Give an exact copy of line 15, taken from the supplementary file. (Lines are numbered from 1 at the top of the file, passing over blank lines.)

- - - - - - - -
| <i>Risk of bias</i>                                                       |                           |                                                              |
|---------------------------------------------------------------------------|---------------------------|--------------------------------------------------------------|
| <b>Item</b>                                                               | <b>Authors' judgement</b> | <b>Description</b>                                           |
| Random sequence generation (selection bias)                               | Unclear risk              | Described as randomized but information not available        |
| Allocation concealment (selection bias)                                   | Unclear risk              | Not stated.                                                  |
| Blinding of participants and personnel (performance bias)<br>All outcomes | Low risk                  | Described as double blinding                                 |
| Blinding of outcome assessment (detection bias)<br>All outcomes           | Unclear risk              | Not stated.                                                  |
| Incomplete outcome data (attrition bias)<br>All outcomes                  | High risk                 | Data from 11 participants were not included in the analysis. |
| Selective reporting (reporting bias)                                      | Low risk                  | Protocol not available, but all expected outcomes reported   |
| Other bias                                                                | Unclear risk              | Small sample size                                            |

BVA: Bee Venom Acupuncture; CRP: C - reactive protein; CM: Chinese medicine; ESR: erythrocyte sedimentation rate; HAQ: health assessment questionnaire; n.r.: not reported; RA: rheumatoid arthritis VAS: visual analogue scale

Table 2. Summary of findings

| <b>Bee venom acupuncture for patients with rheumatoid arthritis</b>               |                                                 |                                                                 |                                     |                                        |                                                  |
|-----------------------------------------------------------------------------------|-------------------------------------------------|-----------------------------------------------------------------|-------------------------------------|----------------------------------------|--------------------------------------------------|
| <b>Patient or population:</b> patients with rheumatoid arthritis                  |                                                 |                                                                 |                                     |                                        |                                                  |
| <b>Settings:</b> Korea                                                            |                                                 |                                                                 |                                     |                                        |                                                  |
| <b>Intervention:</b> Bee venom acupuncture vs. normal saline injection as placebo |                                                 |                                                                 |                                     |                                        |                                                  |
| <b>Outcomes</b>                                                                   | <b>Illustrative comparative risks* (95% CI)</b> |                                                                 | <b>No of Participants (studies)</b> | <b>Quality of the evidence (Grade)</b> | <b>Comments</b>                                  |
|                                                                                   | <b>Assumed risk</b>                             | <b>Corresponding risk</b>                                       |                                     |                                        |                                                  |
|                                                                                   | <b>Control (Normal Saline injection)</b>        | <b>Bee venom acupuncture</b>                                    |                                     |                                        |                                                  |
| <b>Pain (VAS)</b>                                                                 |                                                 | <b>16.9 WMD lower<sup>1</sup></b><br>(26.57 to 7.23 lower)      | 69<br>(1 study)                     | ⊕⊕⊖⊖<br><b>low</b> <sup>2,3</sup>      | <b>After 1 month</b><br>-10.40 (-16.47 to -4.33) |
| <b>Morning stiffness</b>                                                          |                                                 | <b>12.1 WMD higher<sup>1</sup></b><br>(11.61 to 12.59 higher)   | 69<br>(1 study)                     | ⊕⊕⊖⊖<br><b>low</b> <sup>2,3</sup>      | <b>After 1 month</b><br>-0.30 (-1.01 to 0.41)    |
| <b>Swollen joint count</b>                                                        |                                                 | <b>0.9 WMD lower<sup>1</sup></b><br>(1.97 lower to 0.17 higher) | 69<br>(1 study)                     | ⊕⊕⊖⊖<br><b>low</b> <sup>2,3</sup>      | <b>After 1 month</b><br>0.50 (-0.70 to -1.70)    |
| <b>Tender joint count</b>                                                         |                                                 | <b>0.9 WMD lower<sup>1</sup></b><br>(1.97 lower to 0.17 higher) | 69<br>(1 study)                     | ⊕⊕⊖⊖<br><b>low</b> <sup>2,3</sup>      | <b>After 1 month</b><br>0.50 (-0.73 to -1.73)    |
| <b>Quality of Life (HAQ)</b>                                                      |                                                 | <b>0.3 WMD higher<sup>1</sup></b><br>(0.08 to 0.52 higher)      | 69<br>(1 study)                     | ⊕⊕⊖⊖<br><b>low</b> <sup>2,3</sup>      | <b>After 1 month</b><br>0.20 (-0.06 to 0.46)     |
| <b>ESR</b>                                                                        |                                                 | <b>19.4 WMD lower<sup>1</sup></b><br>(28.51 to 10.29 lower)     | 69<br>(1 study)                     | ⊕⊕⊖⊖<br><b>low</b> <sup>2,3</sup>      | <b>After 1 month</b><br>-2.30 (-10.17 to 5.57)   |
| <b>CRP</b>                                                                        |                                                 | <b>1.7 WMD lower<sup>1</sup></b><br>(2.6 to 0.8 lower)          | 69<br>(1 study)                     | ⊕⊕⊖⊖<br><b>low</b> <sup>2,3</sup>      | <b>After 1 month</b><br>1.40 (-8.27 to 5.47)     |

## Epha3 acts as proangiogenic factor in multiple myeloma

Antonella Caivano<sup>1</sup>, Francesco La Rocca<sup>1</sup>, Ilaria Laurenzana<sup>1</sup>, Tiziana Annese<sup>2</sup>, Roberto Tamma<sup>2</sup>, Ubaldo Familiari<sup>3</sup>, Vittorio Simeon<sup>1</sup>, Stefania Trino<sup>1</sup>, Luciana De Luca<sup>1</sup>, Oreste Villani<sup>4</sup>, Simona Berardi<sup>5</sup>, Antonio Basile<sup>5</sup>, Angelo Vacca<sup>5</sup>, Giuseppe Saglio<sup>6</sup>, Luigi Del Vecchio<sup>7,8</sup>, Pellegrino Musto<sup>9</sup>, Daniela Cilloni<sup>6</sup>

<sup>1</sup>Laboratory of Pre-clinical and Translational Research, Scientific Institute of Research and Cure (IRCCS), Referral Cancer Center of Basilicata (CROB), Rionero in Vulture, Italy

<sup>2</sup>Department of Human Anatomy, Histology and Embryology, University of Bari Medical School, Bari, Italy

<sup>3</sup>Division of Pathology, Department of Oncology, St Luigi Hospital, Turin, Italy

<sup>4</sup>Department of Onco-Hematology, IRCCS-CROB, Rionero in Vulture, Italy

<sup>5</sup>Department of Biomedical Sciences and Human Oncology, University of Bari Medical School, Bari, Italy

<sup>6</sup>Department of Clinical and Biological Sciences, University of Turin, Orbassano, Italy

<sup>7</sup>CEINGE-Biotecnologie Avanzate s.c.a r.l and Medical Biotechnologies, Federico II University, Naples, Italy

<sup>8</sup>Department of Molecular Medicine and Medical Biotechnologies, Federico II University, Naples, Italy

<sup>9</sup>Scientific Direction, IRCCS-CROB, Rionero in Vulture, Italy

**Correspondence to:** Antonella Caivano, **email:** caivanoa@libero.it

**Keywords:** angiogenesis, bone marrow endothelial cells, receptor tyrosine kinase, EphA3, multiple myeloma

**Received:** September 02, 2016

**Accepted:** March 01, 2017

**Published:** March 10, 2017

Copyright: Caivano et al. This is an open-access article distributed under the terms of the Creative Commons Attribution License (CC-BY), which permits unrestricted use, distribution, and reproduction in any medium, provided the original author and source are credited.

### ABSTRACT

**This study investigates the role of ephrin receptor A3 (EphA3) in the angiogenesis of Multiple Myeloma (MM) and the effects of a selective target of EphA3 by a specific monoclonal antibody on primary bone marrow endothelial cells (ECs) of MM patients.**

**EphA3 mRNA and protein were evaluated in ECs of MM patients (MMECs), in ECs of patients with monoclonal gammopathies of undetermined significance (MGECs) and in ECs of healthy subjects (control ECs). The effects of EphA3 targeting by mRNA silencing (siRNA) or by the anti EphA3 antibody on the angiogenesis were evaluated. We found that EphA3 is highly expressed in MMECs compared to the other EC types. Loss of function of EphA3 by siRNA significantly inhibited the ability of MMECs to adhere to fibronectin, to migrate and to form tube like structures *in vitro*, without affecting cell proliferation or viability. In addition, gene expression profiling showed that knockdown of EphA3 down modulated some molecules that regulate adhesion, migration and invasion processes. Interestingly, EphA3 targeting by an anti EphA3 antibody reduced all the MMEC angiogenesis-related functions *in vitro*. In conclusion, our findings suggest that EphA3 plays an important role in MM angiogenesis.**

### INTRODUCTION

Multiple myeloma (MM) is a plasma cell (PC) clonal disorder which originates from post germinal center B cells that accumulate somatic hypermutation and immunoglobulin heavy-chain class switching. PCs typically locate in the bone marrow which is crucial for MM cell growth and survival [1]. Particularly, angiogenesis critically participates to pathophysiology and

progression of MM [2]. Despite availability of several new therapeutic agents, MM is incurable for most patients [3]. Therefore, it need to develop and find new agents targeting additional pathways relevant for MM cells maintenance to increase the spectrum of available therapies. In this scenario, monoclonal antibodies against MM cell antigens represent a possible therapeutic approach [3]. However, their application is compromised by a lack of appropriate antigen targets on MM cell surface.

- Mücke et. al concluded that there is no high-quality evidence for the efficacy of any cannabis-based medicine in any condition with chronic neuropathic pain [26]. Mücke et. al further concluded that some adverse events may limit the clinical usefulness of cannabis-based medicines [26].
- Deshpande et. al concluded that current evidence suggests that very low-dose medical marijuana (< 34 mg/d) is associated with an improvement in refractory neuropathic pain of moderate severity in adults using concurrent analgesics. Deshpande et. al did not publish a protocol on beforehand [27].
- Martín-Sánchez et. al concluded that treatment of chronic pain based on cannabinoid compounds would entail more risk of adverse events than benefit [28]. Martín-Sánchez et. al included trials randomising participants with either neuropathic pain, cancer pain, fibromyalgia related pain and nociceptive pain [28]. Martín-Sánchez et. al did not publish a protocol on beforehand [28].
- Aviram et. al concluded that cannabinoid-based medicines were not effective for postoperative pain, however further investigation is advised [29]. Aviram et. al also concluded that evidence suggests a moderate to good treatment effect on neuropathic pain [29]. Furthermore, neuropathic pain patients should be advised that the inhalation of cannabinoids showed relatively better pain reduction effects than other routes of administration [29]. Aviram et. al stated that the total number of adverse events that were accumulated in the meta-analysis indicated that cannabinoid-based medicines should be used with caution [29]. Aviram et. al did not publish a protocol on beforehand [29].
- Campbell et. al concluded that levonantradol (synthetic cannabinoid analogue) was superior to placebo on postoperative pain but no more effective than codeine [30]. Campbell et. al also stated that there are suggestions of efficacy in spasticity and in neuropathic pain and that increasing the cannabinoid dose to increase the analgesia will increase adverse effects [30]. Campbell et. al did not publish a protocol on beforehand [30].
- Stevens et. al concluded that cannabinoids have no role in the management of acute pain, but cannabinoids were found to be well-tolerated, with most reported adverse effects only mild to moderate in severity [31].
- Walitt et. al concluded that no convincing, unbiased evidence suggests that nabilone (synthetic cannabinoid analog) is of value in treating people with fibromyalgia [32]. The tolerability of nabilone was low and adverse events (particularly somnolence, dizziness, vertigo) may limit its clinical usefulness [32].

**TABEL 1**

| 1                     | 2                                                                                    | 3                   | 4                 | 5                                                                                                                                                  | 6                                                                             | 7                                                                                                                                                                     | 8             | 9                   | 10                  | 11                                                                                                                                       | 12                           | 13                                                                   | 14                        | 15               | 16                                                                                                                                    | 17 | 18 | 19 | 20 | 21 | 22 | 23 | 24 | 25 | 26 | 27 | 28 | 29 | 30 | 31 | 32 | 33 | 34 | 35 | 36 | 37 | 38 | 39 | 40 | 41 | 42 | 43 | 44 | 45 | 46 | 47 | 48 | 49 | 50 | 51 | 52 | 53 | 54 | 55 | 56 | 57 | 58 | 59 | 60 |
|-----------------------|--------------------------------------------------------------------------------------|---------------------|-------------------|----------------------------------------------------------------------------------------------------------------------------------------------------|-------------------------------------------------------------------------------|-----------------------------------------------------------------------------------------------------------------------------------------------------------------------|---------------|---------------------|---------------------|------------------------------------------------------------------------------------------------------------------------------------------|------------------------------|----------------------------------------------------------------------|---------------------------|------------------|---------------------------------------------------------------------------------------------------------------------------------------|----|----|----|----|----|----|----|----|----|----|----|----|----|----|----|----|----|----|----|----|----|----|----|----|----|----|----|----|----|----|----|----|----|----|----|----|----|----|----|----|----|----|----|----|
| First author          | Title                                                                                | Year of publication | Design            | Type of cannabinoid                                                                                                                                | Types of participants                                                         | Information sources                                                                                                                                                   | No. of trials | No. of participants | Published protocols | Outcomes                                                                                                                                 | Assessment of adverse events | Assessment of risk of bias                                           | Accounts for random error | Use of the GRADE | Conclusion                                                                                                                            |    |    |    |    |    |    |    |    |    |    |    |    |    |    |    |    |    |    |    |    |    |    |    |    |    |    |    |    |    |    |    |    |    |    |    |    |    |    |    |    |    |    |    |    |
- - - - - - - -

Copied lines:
| <b>Patient or population:</b> patients with rheumatoid arthritis                  |                                                 |                                                                 |                                     |                                        |                                                  |